Election 2000

Chronicle Election Coverage

Seeing Green

U.S. presidential races lend themselves easily to sports metaphors, which should tell you a lot about our political thinking. The scene at the Double Dave's pizza joint on 30th and Duval, where the beer was flowing like water and people broke off conversations to catch the latest numbers on the bigscreen TVs, should have been easy to fit into a baseball or football metaphor, but it wasn't. And maybe that in itself says something about third-party politics in America.

There's no room in sports for a third team, and there's precious little room for third parties in network election coverage. Only occasionally did local stations show figures on Texas Green Party candidates -- Gary Dugger for Railroad Commission and Ben G. Levy for Supreme Court being the most prominent of those. On the national stations, Green presidential candidate Ralph Nader was mentioned most often as a spoiler, siphoning swing votes and erstwhile Democrats from Vice-President Al Gore.

It's a charge that the Travis County Green Party took lightly on election night, claiming that 40% of votes garnered by Nader were from people who would never have voted otherwise. There's the slogan -- "Vote Your Hopes, Not Your Fears" -- and then, bluntly, there's the unrepentant party line.

"I don't think it's a matter of spoiling -- Al Gore has spoiled it for himself," said Stefan Schuster, a member and former co-chair of the Travis County Greens. "I think there's a lot of folks who would traditionally vote Democratic who have gotten involved in the Green Party. Until the Democratic Party realizes they've abandoned their primary constituents, there's going to be an opportunity for the Green Party to get votes."

On CNN Tuesday night, Larry King needled Nader -- wasn't he the tiniest bit afraid? Were the two main-party candidates really the same? Wouldn't he rather have the lesser of the two evils? Nader held firm. "I'd rather have a person who doesn't take the marching orders from the corporate paymaster -- and neither of them qualifies."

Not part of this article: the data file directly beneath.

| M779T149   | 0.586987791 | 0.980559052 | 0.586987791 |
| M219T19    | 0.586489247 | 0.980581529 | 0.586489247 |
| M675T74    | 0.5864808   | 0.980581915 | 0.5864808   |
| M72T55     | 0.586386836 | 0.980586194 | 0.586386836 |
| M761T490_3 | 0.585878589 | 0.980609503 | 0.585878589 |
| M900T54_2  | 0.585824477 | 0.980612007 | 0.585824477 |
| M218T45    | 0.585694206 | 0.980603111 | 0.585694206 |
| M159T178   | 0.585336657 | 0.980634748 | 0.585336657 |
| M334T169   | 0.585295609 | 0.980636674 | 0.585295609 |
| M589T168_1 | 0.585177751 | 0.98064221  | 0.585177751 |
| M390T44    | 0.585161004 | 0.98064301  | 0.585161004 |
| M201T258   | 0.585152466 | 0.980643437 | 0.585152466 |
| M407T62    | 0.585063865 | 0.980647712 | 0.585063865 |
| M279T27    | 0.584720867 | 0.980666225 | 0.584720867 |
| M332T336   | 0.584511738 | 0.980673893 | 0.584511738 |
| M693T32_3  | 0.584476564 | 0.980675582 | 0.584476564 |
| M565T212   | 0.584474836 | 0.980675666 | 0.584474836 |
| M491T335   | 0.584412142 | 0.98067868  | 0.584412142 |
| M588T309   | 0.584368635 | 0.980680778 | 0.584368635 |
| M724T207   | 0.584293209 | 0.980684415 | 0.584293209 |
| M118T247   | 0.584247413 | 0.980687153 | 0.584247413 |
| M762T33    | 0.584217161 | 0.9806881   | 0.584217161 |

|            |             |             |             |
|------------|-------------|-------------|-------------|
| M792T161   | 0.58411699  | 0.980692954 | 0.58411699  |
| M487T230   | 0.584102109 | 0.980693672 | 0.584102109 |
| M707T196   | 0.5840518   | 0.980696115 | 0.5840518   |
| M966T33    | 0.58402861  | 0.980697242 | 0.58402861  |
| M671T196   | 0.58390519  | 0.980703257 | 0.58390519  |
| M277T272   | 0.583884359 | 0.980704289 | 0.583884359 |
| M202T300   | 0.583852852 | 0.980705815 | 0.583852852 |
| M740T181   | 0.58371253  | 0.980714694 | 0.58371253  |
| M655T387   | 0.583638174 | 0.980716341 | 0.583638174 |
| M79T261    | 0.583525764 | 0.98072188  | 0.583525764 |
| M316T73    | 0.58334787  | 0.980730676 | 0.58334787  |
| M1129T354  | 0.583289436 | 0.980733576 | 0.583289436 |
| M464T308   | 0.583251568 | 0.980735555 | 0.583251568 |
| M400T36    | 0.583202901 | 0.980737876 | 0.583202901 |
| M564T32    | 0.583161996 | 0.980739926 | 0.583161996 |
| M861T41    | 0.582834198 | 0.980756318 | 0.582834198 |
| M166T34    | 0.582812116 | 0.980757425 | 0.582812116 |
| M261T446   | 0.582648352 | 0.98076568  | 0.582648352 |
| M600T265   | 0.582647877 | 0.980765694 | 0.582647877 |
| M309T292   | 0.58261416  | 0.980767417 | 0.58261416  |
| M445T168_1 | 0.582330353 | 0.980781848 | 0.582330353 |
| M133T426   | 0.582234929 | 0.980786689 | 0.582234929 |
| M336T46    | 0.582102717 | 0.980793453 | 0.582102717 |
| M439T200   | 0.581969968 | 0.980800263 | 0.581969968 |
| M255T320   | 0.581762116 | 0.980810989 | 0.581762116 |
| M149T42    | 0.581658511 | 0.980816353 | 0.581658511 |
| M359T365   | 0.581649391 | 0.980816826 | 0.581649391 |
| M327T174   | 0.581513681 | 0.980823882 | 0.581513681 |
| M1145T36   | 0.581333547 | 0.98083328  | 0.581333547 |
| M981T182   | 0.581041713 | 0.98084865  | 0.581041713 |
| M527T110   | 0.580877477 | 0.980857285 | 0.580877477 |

The Green Party crowd howled and clapped and bought another round of beer.

Not everyone present toed the party line so closely, of course. Throughout the night, more than half the room was cheering -- if not for Gore, then at least against Bush. There was one grim moment and a brief silence when the news shifted to Wisconsin -- Gore and Bush were neck and neck, with Nader pulling a healthy 4%. (Hours later, the state went to Gore.)

Sean Hale, co-chair of the Travis County Green Party, cleared his throat. "There's a lot of brave people in Wisconsin tonight," he said.

But there was none of the sweat-popping, knuckle-cracking tension of the kind found at the Democratic and Republican parties. People started leaving early, and by 1am, with the election still hanging in the balance, Double Dave's was almost empty, and waitresses were cleaning around the handful of people left.

"I think we all know that we're not going to win," Schuster said. "But we're going to make some progress. When they count up everything, they're going to find we've made a dent in Texas politics."

And Texas politics, after all, is what the Travis County Greens are interested in; for them, Nader's presidential bid was a morale booster -- or a publicity stunt, if you want to be less charitable. The positions that the people at the Greens' party Tuesday night have their eyes on, ultimately, are local. "I think there's a lot of local issues that are going to help us maintain a local presence," Schuster said. "That's really what we're shooting for -- to build a credible third party."

A comparison to the once-hopeful and now all-but-defunct Reform Party was shot down almost immediately. "The Reform Party was Ross Perot," Hale said. "If the Green Party were the Ralph Nader party, we could all go home and celebrate now, because there would be nothing more to do."

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